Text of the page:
I think the biggest challenge isn’t so much that one method is better/more effective than the other but rather that most people a) don’t know how to use each tool effectively and b) don’t know when to move between the mediums.

    People who use the various technologies effectively can move conversations across the mediums to leverage the most effective tool for the task at hand – I’ve had numerous experiences where dialogue has evolved from an IM/chat room, moved to a phone/skype call, confirmations or information exchanged via email and finally follow up etc. via IM once again.

    As for the emailing the cubicle next to you, my partner and I are guilty of that all the time although we’re even worse for actually switching back and forth from IM/email to voice constantly during the conversation ;)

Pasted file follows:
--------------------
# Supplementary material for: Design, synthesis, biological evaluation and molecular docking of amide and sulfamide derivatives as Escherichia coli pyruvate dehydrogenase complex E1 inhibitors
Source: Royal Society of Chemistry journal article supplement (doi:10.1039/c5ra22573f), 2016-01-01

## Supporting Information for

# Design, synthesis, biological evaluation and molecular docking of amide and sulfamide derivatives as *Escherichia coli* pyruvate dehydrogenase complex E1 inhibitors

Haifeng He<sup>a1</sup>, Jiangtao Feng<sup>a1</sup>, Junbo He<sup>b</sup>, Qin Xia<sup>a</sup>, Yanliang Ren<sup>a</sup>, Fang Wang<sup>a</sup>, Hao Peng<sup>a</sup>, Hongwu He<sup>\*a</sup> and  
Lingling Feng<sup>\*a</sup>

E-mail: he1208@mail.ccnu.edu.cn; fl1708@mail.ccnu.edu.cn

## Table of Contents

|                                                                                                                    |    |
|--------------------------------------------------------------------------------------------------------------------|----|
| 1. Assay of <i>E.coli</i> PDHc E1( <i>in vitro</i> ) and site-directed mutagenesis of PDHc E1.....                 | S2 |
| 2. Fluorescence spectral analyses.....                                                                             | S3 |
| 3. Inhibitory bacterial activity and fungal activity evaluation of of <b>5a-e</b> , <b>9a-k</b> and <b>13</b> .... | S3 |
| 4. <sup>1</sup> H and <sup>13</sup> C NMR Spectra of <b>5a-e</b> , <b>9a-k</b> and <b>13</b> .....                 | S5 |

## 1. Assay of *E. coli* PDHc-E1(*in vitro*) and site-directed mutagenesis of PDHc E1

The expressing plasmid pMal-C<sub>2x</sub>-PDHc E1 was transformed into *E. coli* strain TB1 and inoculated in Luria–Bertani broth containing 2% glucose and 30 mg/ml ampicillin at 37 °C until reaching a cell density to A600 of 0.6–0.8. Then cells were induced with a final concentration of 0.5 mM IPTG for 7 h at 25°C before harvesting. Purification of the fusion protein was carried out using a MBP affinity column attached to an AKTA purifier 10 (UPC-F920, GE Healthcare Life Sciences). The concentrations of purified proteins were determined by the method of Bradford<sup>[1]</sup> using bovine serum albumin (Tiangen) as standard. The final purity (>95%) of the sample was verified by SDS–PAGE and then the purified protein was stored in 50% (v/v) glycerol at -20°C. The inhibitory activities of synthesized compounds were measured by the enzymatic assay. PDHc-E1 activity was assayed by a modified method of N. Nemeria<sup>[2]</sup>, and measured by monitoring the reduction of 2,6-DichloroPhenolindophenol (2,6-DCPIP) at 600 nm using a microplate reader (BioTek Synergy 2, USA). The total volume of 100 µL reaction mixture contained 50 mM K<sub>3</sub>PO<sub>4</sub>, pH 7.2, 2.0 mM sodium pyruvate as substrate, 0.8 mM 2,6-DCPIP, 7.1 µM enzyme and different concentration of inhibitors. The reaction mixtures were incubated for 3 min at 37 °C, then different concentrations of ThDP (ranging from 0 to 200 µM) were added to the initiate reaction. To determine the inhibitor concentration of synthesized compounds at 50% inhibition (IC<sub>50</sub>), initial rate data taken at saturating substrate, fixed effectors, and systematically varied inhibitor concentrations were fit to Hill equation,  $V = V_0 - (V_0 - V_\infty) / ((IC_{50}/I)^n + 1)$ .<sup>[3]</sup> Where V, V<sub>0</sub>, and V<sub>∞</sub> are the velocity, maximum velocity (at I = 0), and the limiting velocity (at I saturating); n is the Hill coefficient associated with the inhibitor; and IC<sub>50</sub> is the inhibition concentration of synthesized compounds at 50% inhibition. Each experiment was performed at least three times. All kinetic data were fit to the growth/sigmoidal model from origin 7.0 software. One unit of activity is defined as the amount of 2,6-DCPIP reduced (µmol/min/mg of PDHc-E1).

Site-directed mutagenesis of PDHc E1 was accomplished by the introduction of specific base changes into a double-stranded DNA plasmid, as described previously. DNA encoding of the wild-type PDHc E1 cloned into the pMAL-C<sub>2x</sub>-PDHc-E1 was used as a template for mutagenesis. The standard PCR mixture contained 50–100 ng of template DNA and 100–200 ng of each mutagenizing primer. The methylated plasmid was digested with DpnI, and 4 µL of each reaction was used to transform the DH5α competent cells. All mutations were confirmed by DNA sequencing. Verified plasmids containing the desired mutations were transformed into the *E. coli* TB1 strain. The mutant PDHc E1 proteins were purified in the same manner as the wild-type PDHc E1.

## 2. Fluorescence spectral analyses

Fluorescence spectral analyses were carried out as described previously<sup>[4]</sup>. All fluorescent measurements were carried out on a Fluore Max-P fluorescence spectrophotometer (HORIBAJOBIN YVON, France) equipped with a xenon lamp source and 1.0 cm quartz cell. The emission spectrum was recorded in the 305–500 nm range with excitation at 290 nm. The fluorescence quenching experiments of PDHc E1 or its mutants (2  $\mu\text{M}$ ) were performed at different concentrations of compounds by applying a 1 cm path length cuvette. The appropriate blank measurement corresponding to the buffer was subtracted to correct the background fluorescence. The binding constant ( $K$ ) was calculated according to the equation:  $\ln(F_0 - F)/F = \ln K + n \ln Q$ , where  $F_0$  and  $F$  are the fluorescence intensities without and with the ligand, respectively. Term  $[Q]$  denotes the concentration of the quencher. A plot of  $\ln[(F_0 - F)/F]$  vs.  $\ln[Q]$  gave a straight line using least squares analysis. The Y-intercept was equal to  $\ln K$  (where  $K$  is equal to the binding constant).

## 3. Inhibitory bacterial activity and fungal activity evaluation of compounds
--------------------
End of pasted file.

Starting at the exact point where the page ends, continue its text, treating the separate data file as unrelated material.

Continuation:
• Neal McIntyre

    With so many communication options available these days, we often forget the value of intonation, facial gestures, and other facets of communication that some technologies simply can’t show. People often choose the wrong tool for what they’re trying to say. It hurts them and their business.
    As Marshall McLuhan said, “The Medium is the Message”.

    • Abhijay

      i think that all are the ways to to attract ourselves. Few of the things hurts but sometimes only.

  • Derek Wong

    I think email does have a unique quality among all the other media mentioned. There’s a record. It can be reviewed at any time to digest it more thoroughly. You can’t do that with in person conversation, phone, video conf, or IM.